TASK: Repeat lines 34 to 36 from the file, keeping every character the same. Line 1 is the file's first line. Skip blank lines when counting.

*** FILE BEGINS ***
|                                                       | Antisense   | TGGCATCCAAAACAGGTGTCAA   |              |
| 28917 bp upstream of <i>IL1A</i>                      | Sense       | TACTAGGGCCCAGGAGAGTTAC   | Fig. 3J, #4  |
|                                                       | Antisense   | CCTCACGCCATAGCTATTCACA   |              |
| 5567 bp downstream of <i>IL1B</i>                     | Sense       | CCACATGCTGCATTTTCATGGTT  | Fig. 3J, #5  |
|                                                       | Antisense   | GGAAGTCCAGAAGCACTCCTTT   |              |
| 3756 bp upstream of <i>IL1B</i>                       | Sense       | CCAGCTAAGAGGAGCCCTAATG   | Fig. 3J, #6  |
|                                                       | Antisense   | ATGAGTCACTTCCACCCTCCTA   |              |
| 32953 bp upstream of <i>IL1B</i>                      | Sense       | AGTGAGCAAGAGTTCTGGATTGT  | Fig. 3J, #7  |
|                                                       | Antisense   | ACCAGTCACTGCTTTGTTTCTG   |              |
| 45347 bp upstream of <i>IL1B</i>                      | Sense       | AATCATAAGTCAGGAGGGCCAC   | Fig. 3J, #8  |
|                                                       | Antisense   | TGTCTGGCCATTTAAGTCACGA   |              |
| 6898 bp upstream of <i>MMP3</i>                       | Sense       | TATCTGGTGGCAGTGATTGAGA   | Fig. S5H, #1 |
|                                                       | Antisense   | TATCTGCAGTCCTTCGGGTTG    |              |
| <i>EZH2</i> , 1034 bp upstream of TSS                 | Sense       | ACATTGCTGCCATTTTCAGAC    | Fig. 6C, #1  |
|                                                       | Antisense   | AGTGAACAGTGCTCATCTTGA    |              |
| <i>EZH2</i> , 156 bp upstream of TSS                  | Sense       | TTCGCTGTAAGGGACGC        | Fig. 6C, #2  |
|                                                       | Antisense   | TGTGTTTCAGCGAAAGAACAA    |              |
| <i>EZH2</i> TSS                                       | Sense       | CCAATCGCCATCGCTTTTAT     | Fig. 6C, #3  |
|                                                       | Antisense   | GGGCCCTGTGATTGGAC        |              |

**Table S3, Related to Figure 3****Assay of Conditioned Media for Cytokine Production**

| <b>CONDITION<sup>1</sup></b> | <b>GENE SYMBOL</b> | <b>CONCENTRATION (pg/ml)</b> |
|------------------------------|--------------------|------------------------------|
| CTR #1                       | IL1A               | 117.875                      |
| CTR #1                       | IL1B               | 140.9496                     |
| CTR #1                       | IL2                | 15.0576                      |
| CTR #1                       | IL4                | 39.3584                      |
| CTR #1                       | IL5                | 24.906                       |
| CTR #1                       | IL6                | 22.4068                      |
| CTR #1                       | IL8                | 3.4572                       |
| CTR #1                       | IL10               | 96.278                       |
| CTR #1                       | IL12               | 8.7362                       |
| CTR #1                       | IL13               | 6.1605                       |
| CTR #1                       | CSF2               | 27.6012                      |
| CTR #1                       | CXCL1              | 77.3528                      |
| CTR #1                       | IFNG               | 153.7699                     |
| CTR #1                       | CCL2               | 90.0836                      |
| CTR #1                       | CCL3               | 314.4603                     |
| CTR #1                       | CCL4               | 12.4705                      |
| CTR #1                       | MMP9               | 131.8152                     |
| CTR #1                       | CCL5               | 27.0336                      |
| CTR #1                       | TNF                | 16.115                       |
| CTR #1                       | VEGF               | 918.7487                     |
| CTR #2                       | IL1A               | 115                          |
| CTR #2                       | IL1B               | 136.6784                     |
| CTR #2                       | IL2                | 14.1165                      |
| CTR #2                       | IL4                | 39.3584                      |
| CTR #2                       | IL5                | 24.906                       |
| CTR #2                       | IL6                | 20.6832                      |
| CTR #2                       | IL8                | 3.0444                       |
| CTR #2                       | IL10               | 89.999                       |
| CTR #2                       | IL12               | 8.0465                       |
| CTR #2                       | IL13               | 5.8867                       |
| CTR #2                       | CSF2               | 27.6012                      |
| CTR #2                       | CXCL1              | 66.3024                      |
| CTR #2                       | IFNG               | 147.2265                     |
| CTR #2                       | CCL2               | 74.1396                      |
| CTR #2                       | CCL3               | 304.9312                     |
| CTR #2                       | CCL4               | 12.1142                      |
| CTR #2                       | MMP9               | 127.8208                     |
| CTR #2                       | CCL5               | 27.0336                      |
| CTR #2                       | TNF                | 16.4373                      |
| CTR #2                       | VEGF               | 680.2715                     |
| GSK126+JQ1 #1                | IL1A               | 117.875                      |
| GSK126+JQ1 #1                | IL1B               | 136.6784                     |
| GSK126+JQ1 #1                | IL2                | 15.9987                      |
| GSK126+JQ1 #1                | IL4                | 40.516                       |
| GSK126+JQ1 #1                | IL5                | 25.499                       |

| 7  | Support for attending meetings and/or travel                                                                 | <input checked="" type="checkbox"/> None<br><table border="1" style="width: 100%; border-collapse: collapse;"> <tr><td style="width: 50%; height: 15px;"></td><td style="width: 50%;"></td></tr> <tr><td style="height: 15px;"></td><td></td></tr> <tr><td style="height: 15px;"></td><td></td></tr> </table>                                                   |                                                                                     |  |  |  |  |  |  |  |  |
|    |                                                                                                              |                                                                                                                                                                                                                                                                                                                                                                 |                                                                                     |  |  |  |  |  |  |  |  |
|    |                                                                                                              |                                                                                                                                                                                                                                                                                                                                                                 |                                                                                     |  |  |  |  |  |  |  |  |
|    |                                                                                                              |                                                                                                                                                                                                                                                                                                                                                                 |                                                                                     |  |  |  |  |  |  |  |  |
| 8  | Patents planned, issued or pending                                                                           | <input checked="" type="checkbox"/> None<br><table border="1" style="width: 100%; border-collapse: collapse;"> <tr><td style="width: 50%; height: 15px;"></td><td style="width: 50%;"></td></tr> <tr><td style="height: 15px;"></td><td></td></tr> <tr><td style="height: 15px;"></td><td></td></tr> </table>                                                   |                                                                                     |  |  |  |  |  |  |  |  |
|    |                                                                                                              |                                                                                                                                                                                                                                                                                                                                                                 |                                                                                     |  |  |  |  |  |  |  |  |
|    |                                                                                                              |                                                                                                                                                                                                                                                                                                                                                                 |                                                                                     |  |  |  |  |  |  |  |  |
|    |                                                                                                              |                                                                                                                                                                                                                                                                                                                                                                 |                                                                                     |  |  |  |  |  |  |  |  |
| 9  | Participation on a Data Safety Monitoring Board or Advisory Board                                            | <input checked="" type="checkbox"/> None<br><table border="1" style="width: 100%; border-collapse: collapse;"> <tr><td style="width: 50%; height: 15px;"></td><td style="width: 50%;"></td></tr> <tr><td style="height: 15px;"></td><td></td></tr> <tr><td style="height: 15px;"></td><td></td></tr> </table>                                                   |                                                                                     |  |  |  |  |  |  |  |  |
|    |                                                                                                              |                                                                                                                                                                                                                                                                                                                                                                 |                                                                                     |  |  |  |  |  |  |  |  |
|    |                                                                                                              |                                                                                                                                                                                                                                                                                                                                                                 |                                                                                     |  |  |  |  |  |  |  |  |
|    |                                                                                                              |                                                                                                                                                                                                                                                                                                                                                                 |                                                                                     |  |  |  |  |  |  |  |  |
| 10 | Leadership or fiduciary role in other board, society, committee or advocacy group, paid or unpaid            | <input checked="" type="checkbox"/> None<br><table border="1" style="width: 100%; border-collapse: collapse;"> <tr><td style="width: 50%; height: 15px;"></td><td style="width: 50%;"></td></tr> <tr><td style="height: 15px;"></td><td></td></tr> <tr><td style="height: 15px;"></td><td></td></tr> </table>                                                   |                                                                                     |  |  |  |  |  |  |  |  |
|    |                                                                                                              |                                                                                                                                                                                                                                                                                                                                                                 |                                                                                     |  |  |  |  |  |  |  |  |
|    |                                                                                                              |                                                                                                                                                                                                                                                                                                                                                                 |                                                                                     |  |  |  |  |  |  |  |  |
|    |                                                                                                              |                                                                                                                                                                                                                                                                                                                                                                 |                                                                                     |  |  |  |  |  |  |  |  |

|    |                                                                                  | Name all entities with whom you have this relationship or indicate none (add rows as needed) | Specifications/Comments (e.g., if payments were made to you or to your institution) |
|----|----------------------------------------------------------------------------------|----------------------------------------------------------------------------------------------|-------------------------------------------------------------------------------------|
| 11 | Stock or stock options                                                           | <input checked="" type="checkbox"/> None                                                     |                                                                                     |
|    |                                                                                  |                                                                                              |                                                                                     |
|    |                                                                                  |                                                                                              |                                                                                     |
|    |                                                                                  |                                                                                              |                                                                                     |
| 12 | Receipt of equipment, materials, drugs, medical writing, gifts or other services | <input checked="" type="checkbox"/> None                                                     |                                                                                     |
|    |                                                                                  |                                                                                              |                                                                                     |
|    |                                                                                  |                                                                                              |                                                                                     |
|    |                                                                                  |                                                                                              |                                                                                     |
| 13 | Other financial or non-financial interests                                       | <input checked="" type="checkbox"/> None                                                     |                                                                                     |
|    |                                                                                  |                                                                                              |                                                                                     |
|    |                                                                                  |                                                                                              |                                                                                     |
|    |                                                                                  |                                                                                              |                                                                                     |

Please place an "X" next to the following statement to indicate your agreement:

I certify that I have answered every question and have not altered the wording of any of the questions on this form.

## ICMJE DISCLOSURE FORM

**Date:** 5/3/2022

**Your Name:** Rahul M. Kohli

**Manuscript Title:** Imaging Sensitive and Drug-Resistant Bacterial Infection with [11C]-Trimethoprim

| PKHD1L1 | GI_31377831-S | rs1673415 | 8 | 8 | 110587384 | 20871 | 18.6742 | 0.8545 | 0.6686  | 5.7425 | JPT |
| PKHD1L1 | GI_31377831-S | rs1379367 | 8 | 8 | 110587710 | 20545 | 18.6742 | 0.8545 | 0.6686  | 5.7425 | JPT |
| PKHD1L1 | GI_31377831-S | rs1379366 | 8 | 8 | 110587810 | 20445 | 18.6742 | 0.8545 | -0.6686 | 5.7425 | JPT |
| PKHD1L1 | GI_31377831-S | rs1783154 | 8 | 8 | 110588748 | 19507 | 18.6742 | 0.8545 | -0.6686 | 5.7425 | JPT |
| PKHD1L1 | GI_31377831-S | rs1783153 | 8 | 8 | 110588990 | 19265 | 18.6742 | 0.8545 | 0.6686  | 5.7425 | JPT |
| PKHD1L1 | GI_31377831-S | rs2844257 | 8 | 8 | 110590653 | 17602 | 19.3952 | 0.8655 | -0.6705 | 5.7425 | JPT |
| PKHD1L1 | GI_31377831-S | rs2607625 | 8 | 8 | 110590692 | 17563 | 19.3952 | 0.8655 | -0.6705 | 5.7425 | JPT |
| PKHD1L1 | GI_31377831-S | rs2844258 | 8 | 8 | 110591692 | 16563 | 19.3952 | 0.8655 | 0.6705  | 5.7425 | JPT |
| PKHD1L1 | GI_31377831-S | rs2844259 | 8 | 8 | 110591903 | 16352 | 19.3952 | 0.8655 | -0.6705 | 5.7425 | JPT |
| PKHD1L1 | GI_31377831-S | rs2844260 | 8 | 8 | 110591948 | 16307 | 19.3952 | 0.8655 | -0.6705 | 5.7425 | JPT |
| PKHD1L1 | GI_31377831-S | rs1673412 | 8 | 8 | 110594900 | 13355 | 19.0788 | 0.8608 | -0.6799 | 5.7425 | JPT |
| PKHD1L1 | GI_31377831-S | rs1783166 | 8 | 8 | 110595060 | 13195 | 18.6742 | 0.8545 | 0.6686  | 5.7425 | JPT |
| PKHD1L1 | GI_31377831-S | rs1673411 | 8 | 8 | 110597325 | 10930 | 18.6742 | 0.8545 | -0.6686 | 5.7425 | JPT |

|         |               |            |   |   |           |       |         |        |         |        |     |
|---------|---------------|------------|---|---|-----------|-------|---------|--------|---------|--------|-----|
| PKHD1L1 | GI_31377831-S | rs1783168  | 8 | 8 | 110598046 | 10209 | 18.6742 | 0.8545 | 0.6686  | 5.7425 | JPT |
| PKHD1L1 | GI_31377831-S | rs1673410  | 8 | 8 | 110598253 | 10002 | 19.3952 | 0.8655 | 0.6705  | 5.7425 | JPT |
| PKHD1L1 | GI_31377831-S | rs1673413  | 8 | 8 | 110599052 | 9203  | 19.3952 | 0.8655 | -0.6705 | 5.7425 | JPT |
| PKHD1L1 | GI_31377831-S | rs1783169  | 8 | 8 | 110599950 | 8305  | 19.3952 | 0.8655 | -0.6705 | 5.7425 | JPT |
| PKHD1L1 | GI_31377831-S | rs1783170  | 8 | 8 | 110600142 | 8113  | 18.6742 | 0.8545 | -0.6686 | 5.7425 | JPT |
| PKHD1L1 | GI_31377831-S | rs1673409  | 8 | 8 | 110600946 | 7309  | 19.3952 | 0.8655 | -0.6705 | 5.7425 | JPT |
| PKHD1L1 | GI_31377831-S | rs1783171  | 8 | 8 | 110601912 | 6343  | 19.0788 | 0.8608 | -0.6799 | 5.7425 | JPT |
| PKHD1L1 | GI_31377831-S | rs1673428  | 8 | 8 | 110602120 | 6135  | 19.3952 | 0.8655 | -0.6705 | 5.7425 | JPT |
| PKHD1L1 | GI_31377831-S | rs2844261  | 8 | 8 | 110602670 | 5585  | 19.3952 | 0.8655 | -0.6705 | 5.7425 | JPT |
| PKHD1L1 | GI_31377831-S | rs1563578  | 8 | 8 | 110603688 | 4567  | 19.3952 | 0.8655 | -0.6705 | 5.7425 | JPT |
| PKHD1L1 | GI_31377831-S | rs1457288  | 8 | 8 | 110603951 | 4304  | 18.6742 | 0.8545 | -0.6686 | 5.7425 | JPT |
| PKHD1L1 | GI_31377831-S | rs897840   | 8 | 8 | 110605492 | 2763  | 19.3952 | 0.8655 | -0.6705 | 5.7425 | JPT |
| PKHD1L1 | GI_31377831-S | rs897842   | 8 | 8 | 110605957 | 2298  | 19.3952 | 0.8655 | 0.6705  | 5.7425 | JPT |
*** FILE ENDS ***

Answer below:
| CTR #1                       | CXCL1              | 77.3528                      |
| CTR #1                       | IFNG               | 153.7699                     |
| CTR #1                       | CCL2               | 90.0836                      |